Energy Blue Print
Key results - EU-27

Moving from principles to action for energy supply that mitigates against climate change requires a long-term perspective. Energy infrastructure takes time to build up; new energy technologies take time to develop. Policy shifts often also need many years to take effect. In most world regions the transformation from fossil to renewable energies will require additional investment and higher supply costs over about twenty years

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eu climate and energy policy recommendations

The Energy [R]evolution presents European decision-makers with a cost-effective and sustainable pathway for our economy, while tackling the challenges of climate change and the security of energy supply.

A fully renewable and efficient energy system would allow Europe to develop a sound energy economy, create high quality jobs, boost technology development, secure global competitiveness and trigger industrial leadership.

At the same time, the drive towards renewables and the smart use of energy would deliver the necessary greenhouse gas emissions cuts in the upper range of 80 to 95% by 2050 compared with 1990 levels, which Europe will have to realise in the fight against climate change.

But the Energy [R]evolution will not happen without much needed political leadership: The European Union and its member states will have to set the framework for a sustainable energy pathway. The next step on this road is the adoption of a 2030 climate and energy package with ambitious targets on emission reductions, renewable energy and energy savings.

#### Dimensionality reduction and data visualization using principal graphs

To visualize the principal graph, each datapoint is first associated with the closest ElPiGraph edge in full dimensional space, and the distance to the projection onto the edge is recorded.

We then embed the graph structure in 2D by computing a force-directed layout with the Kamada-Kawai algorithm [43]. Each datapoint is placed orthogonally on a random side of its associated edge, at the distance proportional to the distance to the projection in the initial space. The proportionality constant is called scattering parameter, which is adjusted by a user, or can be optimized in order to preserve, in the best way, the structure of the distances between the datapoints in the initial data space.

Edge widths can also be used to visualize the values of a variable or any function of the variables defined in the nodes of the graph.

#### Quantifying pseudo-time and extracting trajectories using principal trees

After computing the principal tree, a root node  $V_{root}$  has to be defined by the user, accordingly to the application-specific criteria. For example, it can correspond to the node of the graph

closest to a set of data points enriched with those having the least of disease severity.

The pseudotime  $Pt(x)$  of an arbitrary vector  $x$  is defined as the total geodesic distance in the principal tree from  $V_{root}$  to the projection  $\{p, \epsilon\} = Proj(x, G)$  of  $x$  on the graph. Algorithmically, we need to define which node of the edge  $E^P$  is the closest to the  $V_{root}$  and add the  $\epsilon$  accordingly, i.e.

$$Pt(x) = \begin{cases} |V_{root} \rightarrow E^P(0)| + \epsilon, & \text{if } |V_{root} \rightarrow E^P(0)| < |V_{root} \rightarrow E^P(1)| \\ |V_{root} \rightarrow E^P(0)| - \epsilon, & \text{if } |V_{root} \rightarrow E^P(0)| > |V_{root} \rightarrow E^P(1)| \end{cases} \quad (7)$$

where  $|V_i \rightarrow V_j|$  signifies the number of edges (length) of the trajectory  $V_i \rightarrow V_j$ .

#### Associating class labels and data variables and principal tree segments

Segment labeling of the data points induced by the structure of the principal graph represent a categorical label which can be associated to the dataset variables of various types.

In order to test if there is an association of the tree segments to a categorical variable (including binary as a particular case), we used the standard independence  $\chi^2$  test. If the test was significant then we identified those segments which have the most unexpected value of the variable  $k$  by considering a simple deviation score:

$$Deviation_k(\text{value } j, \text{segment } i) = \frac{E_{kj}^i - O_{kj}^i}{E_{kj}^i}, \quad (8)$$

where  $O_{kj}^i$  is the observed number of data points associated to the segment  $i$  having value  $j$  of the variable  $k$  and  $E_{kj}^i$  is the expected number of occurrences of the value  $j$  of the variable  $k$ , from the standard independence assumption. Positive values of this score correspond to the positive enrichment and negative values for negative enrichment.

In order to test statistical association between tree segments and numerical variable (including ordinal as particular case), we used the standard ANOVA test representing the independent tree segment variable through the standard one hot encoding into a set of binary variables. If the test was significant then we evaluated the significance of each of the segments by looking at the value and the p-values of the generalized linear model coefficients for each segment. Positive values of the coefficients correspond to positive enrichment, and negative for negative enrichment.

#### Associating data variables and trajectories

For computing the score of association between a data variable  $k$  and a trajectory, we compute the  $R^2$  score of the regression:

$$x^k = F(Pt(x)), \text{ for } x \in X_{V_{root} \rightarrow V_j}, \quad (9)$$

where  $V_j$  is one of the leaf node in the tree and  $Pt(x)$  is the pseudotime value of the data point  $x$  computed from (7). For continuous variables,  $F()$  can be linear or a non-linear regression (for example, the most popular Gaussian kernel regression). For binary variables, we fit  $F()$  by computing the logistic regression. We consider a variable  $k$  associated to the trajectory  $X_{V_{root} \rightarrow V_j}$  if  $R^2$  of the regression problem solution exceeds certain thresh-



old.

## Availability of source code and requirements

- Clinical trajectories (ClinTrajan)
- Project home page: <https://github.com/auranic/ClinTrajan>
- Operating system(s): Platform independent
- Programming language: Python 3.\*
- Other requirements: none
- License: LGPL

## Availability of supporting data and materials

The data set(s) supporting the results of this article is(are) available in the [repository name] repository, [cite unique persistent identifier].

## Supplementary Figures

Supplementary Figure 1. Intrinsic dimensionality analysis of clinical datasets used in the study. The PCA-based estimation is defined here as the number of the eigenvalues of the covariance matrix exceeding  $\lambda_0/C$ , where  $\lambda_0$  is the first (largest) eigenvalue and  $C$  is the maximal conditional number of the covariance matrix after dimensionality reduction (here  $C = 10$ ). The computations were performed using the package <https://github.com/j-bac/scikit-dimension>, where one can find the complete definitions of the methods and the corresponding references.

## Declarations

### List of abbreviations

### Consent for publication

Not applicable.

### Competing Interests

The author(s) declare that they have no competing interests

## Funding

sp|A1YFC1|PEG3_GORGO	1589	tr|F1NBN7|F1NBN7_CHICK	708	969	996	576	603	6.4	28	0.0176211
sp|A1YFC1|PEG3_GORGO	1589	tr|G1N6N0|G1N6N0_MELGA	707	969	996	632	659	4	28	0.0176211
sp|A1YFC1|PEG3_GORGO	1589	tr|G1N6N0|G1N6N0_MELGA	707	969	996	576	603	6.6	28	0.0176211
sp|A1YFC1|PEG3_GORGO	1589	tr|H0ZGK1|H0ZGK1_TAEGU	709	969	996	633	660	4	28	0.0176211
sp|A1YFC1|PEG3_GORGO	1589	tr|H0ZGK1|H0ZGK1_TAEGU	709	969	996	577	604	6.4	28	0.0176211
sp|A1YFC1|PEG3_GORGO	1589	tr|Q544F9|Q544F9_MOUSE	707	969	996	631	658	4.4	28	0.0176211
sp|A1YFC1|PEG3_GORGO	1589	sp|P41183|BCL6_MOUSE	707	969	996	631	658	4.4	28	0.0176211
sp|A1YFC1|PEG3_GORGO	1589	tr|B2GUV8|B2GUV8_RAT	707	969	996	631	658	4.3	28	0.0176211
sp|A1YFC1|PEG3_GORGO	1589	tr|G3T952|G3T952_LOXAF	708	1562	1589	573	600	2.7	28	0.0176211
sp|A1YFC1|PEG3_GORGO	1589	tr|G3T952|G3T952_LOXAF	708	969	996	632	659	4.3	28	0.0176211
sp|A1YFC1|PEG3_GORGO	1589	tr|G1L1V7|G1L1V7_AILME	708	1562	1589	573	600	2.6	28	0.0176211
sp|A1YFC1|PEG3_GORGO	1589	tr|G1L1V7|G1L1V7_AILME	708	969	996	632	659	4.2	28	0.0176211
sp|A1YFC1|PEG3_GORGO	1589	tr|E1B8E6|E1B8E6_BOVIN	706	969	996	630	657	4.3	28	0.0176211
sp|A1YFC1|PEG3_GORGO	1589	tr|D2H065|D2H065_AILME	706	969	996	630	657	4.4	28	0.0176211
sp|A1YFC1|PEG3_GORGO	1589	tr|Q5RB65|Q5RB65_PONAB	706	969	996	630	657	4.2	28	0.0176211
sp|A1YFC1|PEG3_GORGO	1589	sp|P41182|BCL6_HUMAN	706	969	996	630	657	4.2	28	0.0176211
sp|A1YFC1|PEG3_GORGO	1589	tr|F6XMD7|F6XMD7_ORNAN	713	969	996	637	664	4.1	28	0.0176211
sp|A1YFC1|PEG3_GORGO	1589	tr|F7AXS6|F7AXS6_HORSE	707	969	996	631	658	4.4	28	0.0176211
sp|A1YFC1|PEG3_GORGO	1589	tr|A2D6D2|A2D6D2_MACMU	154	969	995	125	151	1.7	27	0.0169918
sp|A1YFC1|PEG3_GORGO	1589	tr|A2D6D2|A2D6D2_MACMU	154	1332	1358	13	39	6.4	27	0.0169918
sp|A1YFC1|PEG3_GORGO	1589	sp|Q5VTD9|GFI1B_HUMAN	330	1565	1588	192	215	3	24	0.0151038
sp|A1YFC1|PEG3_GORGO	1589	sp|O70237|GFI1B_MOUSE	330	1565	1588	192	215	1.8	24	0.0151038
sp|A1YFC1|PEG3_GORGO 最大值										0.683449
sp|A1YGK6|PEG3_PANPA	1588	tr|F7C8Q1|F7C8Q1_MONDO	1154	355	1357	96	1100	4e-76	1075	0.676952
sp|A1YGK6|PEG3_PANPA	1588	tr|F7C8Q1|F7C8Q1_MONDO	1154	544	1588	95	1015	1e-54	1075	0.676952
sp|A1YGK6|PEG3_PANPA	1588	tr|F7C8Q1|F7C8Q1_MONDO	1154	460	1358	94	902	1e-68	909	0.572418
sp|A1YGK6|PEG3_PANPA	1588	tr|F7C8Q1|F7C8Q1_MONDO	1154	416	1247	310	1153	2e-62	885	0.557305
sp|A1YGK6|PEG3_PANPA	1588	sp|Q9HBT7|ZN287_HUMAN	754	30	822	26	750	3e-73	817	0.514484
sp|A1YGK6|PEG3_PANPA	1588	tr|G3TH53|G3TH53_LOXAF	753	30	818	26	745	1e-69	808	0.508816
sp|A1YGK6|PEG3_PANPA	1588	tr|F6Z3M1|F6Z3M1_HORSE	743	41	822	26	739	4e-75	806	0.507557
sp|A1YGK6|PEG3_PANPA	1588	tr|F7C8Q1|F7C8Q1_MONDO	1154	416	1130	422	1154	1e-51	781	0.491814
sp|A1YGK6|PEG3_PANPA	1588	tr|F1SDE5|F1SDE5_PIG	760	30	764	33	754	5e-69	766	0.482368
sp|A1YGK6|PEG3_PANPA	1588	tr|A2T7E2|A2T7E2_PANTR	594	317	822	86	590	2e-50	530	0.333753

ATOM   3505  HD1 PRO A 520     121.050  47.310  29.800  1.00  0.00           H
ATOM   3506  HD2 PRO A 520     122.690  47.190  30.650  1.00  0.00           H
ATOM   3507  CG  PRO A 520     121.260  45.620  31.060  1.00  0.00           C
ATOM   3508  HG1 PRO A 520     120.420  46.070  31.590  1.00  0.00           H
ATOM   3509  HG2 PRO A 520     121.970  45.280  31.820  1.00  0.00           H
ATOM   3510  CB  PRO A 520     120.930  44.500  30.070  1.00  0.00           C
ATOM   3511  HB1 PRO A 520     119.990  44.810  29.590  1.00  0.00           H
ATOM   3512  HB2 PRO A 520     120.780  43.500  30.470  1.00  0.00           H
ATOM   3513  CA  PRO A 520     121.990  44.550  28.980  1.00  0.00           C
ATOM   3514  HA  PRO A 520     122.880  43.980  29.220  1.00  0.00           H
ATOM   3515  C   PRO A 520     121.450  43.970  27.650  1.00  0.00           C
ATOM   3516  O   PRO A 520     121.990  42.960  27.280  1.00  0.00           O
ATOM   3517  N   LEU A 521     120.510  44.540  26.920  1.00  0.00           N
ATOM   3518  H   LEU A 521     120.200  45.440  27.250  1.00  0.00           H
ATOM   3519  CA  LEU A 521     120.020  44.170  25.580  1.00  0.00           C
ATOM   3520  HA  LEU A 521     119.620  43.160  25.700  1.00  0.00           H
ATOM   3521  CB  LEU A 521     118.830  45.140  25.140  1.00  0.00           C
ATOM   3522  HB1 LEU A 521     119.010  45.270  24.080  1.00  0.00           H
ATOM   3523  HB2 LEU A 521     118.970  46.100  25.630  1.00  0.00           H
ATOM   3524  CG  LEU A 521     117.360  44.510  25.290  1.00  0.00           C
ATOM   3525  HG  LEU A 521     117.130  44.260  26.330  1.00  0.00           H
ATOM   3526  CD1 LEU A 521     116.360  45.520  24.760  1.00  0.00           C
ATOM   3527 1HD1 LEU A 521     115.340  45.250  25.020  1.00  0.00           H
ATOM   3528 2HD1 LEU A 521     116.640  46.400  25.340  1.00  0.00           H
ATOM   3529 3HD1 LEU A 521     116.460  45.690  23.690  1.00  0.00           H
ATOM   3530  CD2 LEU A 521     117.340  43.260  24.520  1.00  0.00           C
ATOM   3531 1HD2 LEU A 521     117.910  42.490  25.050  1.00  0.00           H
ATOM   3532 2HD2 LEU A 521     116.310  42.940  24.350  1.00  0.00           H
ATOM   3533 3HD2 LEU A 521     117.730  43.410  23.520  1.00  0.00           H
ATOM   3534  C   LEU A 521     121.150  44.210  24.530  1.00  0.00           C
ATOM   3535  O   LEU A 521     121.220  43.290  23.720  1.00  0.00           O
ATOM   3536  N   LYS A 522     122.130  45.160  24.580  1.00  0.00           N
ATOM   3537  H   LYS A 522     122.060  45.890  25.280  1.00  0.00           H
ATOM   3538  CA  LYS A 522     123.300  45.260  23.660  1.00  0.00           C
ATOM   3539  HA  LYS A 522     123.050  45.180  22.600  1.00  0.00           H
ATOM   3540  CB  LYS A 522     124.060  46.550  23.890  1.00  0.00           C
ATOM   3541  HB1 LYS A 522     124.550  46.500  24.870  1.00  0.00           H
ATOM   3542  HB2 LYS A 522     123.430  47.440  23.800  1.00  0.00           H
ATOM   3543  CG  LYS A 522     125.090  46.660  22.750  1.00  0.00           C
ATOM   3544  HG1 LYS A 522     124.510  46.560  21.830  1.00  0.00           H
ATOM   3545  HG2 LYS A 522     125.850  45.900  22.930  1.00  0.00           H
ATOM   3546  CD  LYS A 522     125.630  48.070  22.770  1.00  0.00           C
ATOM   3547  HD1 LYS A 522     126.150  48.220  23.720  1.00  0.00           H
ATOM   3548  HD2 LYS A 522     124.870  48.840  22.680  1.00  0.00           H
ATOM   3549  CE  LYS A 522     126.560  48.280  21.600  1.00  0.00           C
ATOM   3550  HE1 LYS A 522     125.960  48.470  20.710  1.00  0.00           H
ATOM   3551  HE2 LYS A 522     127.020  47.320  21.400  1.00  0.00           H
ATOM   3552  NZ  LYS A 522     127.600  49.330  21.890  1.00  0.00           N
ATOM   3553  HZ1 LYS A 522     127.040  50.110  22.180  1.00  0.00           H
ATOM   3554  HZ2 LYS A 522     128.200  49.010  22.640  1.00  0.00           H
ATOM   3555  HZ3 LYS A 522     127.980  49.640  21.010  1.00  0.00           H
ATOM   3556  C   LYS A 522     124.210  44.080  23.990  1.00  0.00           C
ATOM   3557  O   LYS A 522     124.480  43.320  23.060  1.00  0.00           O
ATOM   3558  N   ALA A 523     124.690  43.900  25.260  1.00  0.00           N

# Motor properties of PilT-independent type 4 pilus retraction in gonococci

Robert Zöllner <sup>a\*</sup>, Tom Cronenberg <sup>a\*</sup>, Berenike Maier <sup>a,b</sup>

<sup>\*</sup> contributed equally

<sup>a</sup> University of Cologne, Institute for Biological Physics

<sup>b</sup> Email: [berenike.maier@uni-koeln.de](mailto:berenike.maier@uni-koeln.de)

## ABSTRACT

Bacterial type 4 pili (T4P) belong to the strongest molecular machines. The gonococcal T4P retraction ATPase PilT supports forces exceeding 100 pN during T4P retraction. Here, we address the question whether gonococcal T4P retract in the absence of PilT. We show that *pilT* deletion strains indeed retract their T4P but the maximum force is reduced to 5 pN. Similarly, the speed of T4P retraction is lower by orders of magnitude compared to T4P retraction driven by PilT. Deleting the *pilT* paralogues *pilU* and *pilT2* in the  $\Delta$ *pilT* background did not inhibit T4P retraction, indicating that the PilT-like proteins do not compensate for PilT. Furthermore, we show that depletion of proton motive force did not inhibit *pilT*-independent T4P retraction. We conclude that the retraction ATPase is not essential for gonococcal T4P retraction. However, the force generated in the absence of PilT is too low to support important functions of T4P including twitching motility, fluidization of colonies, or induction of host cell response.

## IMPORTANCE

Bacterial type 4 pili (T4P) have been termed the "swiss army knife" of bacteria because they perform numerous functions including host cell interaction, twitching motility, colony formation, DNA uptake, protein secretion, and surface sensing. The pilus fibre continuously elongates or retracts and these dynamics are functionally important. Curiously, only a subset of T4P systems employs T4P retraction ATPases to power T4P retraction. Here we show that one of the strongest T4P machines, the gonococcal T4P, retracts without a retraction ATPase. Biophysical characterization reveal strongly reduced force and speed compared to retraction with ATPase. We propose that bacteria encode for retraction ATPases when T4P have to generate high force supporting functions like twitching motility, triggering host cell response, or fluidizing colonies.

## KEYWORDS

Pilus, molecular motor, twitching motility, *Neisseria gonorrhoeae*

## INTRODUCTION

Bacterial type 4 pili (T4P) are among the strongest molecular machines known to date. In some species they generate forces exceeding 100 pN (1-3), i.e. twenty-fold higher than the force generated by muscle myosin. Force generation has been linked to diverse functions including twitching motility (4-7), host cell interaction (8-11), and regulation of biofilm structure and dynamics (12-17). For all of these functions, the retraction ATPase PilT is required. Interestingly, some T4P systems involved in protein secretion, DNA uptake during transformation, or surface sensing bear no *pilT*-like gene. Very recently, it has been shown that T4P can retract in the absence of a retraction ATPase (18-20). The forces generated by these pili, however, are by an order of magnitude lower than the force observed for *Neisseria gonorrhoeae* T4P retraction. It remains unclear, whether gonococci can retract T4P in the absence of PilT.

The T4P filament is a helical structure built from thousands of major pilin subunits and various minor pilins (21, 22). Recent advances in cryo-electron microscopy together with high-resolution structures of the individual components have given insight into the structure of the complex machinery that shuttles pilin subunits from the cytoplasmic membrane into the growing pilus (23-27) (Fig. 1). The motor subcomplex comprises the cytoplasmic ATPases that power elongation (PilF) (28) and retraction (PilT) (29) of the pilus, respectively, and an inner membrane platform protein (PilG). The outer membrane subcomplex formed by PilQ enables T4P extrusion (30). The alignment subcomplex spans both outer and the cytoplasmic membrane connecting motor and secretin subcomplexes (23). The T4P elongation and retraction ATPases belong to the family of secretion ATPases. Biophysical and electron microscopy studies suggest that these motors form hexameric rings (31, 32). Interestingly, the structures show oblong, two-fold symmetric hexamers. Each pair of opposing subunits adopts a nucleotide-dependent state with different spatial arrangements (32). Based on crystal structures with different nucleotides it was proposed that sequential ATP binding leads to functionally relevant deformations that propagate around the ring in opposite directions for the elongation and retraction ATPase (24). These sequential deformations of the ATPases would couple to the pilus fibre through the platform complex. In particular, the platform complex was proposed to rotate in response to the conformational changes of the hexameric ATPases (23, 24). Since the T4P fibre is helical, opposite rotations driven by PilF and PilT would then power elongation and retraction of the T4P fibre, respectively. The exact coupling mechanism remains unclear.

A continuation of the successful triple targets for 2030 will provide industry certainty, mobilize investment in renewable and energy saving technologies and secure the necessary climate ambition.

At present, a wide range of energy-market failures still discourage the shift towards a clean energy system. It is high time to remove these barriers to increase energy savings and facilitate the replacement of fossil fuels with clean and abundant renewable energy sources.

European decision-makers should demonstrate commitment to a clean energy future, create the regulatory conditions for an efficient and renewable energy system, and stimulate governments, businesses, industries and citizens to opt for renewable energy and its smart use.

Greenpeace and EREC propose four steps that the European Union and its member states should take to realise the Energy [R]evolution.